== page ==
Three months after Hurricane Katrina devastated the Gulf Coast, thousands of people are still unaccounted for, and authorities are at a loss about how to track them down.
A group of New Orleans firefighters today went searching for bodies in the Lower Ninth Ward -- for the third time.
"On November 7th, we found five bodies. On November 8th, we found two," said Fire Department Chief of Operations Steve Glynn.
Glynn says it would be much easier to search for the missing if he knew who they were.
"We'll find them in small groups as we get better information," he said.
When residents were forced to evacuate New Orleans, it was utter chaos. Families were shipped to different parts of the country, and no one took records. Authorities say they are now having a tough time keeping track of who is missing.
There's even widespread disagreement on the numbers. The states say there are nearly 4,700 people unaccounted for. The National Center for Missing Adults, however, puts the number at 6,644 -- with 4,000 cases being actively investigated by the agency, said Kym Pasqualini, chief executive of the NCMA.
Authorities expect to find most of these people in shelters or apartments -- most a state or two away.
'It's a Horrible Thing'
But the number of people unaccounted for is so high, officials worry there are more dead still to be counted.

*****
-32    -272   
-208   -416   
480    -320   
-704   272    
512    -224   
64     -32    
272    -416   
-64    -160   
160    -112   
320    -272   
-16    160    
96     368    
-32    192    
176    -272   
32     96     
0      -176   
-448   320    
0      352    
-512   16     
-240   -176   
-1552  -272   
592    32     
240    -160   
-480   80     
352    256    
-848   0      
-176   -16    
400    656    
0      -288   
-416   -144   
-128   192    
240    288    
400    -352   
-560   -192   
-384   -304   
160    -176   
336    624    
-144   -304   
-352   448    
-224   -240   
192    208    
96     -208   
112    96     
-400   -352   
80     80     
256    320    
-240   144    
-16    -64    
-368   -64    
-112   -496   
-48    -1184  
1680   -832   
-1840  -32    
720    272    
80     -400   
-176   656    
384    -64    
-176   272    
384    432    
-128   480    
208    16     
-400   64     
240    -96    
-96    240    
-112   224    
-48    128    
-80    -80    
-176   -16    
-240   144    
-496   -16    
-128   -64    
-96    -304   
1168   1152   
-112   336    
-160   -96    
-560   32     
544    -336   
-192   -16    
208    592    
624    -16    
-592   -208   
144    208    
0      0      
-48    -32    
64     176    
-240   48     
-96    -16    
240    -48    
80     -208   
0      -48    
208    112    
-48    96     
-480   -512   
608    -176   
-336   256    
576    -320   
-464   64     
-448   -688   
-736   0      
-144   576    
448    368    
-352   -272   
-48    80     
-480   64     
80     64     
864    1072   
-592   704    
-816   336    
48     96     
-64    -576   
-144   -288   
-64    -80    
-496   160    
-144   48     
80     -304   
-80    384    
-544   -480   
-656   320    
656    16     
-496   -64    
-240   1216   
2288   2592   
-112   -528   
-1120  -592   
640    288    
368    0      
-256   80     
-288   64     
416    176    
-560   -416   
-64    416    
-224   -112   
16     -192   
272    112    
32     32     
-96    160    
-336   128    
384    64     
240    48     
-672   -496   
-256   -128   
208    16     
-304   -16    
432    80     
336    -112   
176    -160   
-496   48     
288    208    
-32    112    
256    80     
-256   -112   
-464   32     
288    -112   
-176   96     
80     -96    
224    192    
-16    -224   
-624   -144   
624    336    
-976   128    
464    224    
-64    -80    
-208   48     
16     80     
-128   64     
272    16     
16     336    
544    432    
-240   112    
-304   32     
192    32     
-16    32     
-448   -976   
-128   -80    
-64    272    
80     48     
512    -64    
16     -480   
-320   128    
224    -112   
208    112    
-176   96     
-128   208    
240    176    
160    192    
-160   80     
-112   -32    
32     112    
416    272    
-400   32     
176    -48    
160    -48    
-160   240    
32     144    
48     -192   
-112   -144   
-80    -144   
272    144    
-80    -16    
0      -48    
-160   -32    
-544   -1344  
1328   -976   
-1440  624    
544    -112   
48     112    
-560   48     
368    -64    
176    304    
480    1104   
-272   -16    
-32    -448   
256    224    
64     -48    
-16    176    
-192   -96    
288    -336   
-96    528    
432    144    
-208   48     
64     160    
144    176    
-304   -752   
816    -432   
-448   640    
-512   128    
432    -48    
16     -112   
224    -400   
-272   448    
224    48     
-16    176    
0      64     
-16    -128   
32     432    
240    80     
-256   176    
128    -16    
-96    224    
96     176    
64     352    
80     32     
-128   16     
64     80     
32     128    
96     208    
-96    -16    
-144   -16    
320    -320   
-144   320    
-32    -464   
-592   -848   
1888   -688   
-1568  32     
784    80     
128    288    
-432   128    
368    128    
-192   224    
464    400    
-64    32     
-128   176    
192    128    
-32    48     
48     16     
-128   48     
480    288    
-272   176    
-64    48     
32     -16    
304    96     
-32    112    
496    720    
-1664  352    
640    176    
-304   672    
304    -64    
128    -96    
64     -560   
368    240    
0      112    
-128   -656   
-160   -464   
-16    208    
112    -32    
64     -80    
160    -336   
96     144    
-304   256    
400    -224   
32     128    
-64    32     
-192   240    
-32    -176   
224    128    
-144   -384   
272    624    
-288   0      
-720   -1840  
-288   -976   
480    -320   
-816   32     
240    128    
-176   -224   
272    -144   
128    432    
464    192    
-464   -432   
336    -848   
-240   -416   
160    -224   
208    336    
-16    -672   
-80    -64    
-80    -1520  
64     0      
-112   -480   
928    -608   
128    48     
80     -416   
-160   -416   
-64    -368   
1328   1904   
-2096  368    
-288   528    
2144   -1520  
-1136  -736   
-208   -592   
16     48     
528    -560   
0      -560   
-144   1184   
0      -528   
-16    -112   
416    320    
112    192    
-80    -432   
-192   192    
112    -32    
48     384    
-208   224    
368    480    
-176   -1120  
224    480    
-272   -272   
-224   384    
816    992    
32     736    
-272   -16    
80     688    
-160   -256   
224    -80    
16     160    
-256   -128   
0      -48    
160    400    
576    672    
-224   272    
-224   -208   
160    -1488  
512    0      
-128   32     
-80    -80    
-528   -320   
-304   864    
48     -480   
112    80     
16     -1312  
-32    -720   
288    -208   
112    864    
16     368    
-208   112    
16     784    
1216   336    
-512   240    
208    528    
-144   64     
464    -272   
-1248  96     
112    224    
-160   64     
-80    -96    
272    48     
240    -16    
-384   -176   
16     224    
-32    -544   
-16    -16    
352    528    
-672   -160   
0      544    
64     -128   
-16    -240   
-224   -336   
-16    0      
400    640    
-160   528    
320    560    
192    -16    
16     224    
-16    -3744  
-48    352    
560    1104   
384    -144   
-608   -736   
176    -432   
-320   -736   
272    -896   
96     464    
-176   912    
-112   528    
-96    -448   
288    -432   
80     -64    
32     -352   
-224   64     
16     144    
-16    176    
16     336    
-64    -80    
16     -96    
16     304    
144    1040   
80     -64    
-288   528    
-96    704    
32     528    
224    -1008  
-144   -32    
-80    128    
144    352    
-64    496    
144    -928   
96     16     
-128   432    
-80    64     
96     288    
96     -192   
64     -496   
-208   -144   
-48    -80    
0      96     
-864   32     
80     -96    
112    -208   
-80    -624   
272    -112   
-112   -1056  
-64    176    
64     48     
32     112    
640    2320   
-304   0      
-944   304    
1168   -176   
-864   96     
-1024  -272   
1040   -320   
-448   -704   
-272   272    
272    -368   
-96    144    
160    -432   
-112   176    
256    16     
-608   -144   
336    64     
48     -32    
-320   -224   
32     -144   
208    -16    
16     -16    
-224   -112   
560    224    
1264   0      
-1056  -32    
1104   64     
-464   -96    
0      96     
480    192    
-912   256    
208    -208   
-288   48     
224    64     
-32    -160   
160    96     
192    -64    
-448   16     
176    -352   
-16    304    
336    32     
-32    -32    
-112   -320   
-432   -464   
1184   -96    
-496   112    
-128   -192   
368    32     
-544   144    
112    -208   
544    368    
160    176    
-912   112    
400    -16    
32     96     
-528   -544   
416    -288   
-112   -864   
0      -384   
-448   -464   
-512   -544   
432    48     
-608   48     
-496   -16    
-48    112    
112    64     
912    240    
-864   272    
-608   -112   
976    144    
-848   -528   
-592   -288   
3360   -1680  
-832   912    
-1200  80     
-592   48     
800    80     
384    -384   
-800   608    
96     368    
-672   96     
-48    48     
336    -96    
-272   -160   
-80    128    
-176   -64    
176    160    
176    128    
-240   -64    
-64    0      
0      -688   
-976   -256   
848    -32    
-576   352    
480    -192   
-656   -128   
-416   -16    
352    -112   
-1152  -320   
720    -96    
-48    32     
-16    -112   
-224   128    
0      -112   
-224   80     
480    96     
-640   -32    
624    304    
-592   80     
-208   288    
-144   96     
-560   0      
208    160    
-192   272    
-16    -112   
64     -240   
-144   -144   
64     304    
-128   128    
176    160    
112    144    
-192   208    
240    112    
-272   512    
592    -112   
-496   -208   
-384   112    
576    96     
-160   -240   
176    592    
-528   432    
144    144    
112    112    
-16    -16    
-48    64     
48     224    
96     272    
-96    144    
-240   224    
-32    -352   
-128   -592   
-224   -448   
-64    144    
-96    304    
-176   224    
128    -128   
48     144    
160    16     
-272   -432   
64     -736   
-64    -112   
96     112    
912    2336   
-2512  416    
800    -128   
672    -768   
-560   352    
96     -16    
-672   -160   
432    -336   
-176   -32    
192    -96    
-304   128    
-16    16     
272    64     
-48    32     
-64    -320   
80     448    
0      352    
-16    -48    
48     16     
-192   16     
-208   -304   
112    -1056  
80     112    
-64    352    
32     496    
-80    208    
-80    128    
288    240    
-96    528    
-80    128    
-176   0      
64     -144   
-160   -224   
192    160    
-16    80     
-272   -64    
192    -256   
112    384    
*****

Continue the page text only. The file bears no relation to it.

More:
"There's a lot of places where they're not letting people in because of the devastation," one returning resident told ABC News. "So it's very likely there are people in attics. It's a horrible thing."
Some of the missing are most likely already in the state morgue.
More than 400 bodies remain unidentified. DNA tests would provide answers, but the Federal Emergency Management Agency and states impacted by Katrina have been arguing over who will pay for them.
New Orleans resident Shawanne Mickey-Scott says, technically, her grandmother is missing. But possibly, she's in the same morgue where the family found her grandfather.
"We're just trying to get some closure with my grandmother," she said. "Once we get her, locate her body, put her to rest with my grandfather, then we can go ahead and grieve."
State officials say it could take years to get an accurate count of just who is missing, dead or alive.
ABC News' Steve Osunsami filed this report for "World News Tonight."